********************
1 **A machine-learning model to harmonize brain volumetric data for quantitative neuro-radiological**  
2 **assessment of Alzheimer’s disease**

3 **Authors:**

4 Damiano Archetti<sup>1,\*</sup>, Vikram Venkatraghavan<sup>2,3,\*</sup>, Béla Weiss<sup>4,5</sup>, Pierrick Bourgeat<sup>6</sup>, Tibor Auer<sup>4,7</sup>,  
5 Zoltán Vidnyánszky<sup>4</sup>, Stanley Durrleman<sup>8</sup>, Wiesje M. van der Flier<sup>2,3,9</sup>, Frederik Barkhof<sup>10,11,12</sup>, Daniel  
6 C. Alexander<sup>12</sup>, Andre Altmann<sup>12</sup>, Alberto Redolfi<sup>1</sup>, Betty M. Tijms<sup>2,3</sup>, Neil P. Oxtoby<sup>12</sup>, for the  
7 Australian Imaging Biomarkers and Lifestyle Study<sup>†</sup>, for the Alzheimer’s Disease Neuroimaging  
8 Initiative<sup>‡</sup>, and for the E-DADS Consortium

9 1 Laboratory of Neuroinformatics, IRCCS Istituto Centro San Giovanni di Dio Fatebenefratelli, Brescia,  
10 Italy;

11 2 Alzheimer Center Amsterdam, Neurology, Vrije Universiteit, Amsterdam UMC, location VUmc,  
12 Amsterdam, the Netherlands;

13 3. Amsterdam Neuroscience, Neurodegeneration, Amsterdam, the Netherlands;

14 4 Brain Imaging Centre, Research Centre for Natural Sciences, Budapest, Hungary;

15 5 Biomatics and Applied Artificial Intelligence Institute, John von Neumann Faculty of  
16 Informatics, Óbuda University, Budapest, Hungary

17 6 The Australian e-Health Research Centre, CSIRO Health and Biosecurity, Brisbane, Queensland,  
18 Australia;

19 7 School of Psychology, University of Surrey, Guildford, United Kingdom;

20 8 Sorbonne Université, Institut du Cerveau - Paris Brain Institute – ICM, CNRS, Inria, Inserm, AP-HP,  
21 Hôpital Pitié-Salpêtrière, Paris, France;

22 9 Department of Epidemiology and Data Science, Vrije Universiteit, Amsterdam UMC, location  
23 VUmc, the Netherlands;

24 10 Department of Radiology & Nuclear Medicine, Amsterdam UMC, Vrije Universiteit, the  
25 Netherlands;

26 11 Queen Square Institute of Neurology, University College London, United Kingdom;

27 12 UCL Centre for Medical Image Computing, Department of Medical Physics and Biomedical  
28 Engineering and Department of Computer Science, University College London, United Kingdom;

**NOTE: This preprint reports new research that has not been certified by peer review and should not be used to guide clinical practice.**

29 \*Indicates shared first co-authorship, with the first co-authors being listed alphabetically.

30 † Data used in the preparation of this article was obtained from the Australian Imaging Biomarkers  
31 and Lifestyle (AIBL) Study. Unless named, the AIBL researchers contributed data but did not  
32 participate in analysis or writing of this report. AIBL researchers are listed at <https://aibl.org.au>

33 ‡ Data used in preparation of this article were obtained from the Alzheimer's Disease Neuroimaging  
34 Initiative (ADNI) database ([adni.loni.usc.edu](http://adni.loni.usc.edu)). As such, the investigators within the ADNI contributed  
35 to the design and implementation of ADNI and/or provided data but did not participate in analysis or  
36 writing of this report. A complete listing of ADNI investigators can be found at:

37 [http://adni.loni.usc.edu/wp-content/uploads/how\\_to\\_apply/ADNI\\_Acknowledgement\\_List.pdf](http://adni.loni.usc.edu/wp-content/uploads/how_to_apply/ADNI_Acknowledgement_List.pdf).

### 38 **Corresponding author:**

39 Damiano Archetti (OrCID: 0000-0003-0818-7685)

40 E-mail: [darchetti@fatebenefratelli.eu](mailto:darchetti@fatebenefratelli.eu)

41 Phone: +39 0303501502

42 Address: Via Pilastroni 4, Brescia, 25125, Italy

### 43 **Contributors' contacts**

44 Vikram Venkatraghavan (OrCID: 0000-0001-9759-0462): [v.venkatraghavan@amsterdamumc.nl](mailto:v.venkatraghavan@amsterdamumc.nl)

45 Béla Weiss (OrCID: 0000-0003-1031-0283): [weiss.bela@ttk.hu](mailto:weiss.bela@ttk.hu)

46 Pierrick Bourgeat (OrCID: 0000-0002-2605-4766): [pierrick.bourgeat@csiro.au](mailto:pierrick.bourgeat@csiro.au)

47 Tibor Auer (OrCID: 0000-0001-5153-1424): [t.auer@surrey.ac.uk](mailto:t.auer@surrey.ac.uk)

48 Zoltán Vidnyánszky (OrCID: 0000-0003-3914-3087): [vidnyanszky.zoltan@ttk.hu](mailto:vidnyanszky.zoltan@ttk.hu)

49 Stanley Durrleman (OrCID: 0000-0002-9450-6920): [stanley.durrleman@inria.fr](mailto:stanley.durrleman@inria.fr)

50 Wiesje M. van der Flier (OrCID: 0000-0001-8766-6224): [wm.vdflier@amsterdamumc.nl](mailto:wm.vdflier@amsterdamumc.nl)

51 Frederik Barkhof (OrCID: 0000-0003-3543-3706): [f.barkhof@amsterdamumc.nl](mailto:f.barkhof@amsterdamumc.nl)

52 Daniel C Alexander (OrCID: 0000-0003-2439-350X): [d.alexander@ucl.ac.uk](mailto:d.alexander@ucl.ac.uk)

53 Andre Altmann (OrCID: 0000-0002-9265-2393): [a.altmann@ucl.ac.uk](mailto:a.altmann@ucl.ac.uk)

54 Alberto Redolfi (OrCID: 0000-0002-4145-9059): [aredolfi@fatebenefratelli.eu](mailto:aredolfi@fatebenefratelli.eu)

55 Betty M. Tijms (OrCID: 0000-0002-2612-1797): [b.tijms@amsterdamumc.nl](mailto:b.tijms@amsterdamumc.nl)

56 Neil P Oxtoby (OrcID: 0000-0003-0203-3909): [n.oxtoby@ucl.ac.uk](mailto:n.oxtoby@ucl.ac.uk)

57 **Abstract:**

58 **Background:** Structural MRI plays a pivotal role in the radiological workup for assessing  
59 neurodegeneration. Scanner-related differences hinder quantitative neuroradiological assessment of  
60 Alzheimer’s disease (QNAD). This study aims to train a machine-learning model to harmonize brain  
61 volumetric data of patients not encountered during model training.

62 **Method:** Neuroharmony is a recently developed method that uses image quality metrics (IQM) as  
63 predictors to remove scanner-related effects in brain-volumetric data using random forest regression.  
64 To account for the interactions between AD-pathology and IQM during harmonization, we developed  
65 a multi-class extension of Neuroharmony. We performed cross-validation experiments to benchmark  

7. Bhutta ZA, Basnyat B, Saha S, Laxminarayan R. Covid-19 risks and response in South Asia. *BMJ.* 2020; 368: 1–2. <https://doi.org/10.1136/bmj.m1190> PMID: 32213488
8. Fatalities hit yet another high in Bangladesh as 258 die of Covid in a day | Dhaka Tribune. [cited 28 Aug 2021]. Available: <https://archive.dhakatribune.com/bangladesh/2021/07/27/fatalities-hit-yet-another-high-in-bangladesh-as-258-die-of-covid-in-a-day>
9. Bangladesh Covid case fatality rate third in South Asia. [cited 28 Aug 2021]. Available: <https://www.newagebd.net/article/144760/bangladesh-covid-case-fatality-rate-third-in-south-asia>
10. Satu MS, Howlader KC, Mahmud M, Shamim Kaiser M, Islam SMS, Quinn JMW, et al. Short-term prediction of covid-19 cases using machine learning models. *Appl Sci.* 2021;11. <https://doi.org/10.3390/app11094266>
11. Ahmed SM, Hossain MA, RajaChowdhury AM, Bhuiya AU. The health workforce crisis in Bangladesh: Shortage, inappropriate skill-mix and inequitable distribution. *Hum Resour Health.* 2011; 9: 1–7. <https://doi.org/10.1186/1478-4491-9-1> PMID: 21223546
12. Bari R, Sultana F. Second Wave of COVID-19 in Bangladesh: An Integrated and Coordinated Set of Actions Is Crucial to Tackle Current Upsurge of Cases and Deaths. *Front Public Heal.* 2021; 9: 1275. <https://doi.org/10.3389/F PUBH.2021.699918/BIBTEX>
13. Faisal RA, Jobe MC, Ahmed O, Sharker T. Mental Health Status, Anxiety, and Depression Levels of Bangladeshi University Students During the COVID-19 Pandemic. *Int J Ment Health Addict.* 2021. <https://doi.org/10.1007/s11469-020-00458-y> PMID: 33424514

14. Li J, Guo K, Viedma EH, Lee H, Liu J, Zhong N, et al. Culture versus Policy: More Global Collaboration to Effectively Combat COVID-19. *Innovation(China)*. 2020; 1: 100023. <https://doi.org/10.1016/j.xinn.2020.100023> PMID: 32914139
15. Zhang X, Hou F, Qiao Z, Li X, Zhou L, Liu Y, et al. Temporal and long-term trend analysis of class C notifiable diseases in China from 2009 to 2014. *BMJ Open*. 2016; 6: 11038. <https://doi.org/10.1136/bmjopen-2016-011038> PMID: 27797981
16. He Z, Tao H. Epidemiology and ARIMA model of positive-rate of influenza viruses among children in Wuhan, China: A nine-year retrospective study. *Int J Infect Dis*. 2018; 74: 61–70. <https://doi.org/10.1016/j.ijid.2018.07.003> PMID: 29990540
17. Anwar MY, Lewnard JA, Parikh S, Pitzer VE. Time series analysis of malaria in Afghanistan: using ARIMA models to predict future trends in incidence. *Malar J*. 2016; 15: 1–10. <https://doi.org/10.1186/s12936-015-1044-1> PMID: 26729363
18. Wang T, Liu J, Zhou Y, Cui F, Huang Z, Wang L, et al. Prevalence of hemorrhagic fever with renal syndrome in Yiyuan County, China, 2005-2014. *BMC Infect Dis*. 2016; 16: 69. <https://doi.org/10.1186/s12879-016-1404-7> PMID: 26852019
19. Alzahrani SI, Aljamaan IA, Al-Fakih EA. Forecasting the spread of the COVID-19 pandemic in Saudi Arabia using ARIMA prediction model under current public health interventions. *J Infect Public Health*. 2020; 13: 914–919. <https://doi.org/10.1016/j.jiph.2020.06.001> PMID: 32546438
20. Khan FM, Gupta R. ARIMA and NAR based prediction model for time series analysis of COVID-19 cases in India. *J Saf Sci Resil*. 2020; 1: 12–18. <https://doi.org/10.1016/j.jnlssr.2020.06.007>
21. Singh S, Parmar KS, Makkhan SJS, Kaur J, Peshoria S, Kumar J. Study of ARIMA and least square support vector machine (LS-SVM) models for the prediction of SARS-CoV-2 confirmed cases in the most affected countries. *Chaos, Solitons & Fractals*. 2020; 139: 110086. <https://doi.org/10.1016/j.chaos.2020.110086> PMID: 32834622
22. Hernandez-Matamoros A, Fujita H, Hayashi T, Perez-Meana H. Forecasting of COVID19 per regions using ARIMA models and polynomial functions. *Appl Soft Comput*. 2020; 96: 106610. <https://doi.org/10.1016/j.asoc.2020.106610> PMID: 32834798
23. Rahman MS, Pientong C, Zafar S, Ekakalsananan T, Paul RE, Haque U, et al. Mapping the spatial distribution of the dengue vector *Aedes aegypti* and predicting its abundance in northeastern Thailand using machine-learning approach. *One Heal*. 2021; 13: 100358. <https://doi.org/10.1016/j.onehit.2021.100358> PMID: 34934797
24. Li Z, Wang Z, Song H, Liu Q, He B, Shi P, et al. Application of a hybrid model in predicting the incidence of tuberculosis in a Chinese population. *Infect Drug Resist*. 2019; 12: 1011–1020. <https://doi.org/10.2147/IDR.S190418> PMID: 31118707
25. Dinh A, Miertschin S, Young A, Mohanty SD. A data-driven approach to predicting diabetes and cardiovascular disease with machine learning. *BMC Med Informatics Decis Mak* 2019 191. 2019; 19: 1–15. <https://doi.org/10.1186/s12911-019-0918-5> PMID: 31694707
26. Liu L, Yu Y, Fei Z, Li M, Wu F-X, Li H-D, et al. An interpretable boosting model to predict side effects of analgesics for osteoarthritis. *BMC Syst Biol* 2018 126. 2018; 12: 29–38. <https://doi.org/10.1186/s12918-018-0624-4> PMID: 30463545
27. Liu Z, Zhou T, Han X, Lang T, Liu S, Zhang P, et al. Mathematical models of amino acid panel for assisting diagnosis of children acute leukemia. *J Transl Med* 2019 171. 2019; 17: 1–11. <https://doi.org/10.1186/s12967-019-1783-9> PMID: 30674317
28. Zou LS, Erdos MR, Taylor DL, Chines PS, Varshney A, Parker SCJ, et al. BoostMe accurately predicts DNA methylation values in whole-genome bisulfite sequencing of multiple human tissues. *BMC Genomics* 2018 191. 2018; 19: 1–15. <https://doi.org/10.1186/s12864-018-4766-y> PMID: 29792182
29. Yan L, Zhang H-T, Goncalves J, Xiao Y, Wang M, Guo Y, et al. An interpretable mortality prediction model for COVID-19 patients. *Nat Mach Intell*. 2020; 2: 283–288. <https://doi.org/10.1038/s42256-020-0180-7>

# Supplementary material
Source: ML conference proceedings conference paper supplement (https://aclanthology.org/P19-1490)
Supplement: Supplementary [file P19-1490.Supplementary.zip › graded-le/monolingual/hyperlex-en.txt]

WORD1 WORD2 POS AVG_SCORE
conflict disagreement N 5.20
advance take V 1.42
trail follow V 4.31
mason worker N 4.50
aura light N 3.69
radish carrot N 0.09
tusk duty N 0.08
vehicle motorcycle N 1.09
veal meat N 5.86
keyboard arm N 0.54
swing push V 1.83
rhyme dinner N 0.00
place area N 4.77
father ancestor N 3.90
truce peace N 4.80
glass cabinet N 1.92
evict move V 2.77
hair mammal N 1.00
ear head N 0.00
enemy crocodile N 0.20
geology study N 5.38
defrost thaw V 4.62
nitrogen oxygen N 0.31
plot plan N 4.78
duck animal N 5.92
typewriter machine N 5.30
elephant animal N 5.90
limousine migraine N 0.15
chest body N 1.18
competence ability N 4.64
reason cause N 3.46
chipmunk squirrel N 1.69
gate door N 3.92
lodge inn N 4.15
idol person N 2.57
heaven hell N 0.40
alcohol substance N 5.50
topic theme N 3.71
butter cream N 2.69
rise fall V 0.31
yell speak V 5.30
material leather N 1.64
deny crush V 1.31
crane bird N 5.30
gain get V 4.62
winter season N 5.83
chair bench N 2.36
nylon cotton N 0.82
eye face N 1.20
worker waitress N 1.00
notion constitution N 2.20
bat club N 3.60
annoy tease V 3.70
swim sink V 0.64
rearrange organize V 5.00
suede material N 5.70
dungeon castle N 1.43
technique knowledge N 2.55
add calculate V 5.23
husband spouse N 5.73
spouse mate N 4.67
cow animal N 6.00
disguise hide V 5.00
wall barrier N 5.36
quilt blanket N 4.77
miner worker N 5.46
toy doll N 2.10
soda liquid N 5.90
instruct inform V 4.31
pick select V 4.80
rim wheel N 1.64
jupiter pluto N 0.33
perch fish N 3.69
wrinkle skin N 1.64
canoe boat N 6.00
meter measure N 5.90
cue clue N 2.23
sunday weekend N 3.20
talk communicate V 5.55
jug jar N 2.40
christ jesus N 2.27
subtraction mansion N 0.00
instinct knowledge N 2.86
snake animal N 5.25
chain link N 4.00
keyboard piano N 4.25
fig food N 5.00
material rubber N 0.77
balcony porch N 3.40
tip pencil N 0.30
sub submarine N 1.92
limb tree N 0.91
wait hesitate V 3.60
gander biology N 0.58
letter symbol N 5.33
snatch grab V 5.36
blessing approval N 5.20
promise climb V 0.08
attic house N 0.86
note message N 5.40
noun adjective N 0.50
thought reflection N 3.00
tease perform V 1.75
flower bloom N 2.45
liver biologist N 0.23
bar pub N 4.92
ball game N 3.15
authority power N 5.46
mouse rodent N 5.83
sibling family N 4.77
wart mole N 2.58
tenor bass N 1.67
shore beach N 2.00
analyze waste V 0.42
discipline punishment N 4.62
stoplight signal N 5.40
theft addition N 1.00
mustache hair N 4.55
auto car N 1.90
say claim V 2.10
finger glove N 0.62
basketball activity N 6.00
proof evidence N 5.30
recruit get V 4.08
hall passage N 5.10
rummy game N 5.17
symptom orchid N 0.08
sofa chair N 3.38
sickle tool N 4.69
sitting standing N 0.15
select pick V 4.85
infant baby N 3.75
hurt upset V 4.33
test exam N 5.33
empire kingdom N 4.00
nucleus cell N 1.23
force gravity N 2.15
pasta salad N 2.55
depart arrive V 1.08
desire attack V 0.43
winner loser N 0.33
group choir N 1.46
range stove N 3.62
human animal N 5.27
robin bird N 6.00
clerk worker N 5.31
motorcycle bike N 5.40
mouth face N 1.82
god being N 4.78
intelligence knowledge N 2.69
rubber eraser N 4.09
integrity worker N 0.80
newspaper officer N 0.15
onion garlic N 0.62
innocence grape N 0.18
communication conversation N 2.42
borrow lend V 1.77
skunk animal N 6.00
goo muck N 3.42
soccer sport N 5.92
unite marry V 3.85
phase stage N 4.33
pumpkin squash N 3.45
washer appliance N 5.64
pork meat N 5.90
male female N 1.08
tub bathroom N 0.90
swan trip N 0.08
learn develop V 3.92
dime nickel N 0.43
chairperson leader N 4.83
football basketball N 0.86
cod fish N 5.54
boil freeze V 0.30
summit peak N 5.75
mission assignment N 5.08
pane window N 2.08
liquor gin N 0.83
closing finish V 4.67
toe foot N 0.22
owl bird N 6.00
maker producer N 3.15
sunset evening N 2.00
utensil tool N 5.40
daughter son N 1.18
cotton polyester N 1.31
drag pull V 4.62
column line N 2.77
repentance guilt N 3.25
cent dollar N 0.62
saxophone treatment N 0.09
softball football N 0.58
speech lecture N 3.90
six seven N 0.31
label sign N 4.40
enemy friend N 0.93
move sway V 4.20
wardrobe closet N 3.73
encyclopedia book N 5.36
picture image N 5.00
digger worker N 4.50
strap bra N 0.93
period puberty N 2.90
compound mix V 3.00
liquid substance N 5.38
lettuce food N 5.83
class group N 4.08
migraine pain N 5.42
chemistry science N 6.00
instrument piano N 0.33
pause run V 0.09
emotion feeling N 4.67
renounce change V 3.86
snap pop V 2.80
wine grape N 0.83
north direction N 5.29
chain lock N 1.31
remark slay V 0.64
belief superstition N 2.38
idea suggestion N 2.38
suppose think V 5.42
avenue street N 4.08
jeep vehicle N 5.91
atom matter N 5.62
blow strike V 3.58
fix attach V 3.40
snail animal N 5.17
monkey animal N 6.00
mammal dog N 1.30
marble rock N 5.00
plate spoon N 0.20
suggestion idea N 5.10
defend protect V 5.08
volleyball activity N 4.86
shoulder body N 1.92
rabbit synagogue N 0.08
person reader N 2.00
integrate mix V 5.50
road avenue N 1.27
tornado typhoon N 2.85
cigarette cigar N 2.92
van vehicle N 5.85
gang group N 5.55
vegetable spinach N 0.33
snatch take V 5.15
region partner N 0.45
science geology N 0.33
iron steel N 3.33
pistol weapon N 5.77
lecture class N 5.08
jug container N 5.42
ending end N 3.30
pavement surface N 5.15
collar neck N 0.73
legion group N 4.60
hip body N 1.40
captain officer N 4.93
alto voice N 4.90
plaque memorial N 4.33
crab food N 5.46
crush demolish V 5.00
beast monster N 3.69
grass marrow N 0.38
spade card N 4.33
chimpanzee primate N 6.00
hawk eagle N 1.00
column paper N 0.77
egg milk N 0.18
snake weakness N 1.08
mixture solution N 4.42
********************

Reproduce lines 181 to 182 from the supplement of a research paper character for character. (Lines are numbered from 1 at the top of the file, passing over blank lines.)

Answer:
material rubber N 0.77
balcony porch N 3.40